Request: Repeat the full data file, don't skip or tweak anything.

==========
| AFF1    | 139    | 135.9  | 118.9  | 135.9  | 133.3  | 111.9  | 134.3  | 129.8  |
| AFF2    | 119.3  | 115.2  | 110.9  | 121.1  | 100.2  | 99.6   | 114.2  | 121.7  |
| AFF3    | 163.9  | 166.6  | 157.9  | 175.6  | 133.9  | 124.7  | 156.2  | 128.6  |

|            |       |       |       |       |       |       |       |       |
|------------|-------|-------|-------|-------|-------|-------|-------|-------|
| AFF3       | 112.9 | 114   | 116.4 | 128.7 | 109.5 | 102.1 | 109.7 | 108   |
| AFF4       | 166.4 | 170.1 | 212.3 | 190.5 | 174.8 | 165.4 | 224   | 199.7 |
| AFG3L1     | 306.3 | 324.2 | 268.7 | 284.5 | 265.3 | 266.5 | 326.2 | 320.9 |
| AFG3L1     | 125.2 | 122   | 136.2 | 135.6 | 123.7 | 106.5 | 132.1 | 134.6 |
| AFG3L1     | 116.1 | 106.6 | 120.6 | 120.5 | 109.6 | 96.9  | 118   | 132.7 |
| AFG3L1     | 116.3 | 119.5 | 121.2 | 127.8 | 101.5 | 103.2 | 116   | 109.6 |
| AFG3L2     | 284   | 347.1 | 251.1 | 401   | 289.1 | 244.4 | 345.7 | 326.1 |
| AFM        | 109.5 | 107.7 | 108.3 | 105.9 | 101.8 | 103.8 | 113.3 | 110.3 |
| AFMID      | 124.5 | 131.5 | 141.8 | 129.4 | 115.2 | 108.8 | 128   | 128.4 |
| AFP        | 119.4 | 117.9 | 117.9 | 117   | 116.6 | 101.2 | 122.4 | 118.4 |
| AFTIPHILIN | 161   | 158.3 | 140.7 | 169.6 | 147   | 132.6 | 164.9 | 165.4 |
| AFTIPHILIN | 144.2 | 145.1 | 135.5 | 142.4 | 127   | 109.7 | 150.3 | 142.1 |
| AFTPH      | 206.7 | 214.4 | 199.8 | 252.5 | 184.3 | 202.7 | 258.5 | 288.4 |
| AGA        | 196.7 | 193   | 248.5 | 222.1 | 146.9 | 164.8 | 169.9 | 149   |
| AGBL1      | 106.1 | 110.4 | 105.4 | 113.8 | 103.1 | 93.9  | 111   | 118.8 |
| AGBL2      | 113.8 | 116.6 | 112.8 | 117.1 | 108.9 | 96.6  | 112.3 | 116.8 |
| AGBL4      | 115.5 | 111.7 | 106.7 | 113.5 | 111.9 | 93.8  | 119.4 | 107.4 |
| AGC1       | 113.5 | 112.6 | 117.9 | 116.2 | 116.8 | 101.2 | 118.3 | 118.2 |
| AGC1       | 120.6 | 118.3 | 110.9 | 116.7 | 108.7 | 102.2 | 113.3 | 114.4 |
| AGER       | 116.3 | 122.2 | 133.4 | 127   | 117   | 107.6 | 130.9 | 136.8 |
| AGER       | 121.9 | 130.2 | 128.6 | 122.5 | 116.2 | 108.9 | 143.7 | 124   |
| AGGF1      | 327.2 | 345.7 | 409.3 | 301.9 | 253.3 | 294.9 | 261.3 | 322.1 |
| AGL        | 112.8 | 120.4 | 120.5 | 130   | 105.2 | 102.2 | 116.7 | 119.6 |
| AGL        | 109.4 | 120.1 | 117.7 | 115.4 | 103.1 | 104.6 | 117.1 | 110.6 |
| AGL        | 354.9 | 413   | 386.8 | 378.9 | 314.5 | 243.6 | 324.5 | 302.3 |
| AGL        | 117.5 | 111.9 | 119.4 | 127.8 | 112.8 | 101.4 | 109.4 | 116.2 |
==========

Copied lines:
| AFF1    | 139    | 135.9  | 118.9  | 135.9  | 133.3  | 111.9  | 134.3  | 129.8  |
| AFF2    | 119.3  | 115.2  | 110.9  | 121.1  | 100.2  | 99.6   | 114.2  | 121.7  |
| AFF3    | 163.9  | 166.6  | 157.9  | 175.6  | 133.9  | 124.7  | 156.2  | 128.6  |

|            |       |       |       |       |       |       |       |       |
|------------|-------|-------|-------|-------|-------|-------|-------|-------|
| AFF3       | 112.9 | 114   | 116.4 | 128.7 | 109.5 | 102.1 | 109.7 | 108   |
| AFF4       | 166.4 | 170.1 | 212.3 | 190.5 | 174.8 | 165.4 | 224   | 199.7 |
| AFG3L1     | 306.3 | 324.2 | 268.7 | 284.5 | 265.3 | 266.5 | 326.2 | 320.9 |
| AFG3L1     | 125.2 | 122   | 136.2 | 135.6 | 123.7 | 106.5 | 132.1 | 134.6 |
| AFG3L1     | 116.1 | 106.6 | 120.6 | 120.5 | 109.6 | 96.9  | 118   | 132.7 |
| AFG3L1     | 116.3 | 119.5 | 121.2 | 127.8 | 101.5 | 103.2 | 116   | 109.6 |
| AFG3L2     | 284   | 347.1 | 251.1 | 401   | 289.1 | 244.4 | 345.7 | 326.1 |
| AFM        | 109.5 | 107.7 | 108.3 | 105.9 | 101.8 | 103.8 | 113.3 | 110.3 |
| AFMID      | 124.5 | 131.5 | 141.8 | 129.4 | 115.2 | 108.8 | 128   | 128.4 |
| AFP        | 119.4 | 117.9 | 117.9 | 117   | 116.6 | 101.2 | 122.4 | 118.4 |
| AFTIPHILIN | 161   | 158.3 | 140.7 | 169.6 | 147   | 132.6 | 164.9 | 165.4 |
| AFTIPHILIN | 144.2 | 145.1 | 135.5 | 142.4 | 127   | 109.7 | 150.3 | 142.1 |
| AFTPH      | 206.7 | 214.4 | 199.8 | 252.5 | 184.3 | 202.7 | 258.5 | 288.4 |
| AGA        | 196.7 | 193   | 248.5 | 222.1 | 146.9 | 164.8 | 169.9 | 149   |
| AGBL1      | 106.1 | 110.4 | 105.4 | 113.8 | 103.1 | 93.9  | 111   | 118.8 |
| AGBL2      | 113.8 | 116.6 | 112.8 | 117.1 | 108.9 | 96.6  | 112.3 | 116.8 |
| AGBL4      | 115.5 | 111.7 | 106.7 | 113.5 | 111.9 | 93.8  | 119.4 | 107.4 |
| AGC1       | 113.5 | 112.6 | 117.9 | 116.2 | 116.8 | 101.2 | 118.3 | 118.2 |
| AGC1       | 120.6 | 118.3 | 110.9 | 116.7 | 108.7 | 102.2 | 113.3 | 114.4 |
| AGER       | 116.3 | 122.2 | 133.4 | 127   | 117   | 107.6 | 130.9 | 136.8 |
| AGER       | 121.9 | 130.2 | 128.6 | 122.5 | 116.2 | 108.9 | 143.7 | 124   |
| AGGF1      | 327.2 | 345.7 | 409.3 | 301.9 | 253.3 | 294.9 | 261.3 | 322.1 |
| AGL        | 112.8 | 120.4 | 120.5 | 130   | 105.2 | 102.2 | 116.7 | 119.6 |
| AGL        | 109.4 | 120.1 | 117.7 | 115.4 | 103.1 | 104.6 | 117.1 | 110.6 |
| AGL        | 354.9 | 413   | 386.8 | 378.9 | 314.5 | 243.6 | 324.5 | 302.3 |
| AGL        | 117.5 | 111.9 | 119.4 | 127.8 | 112.8 | 101.4 | 109.4 | 116.2 |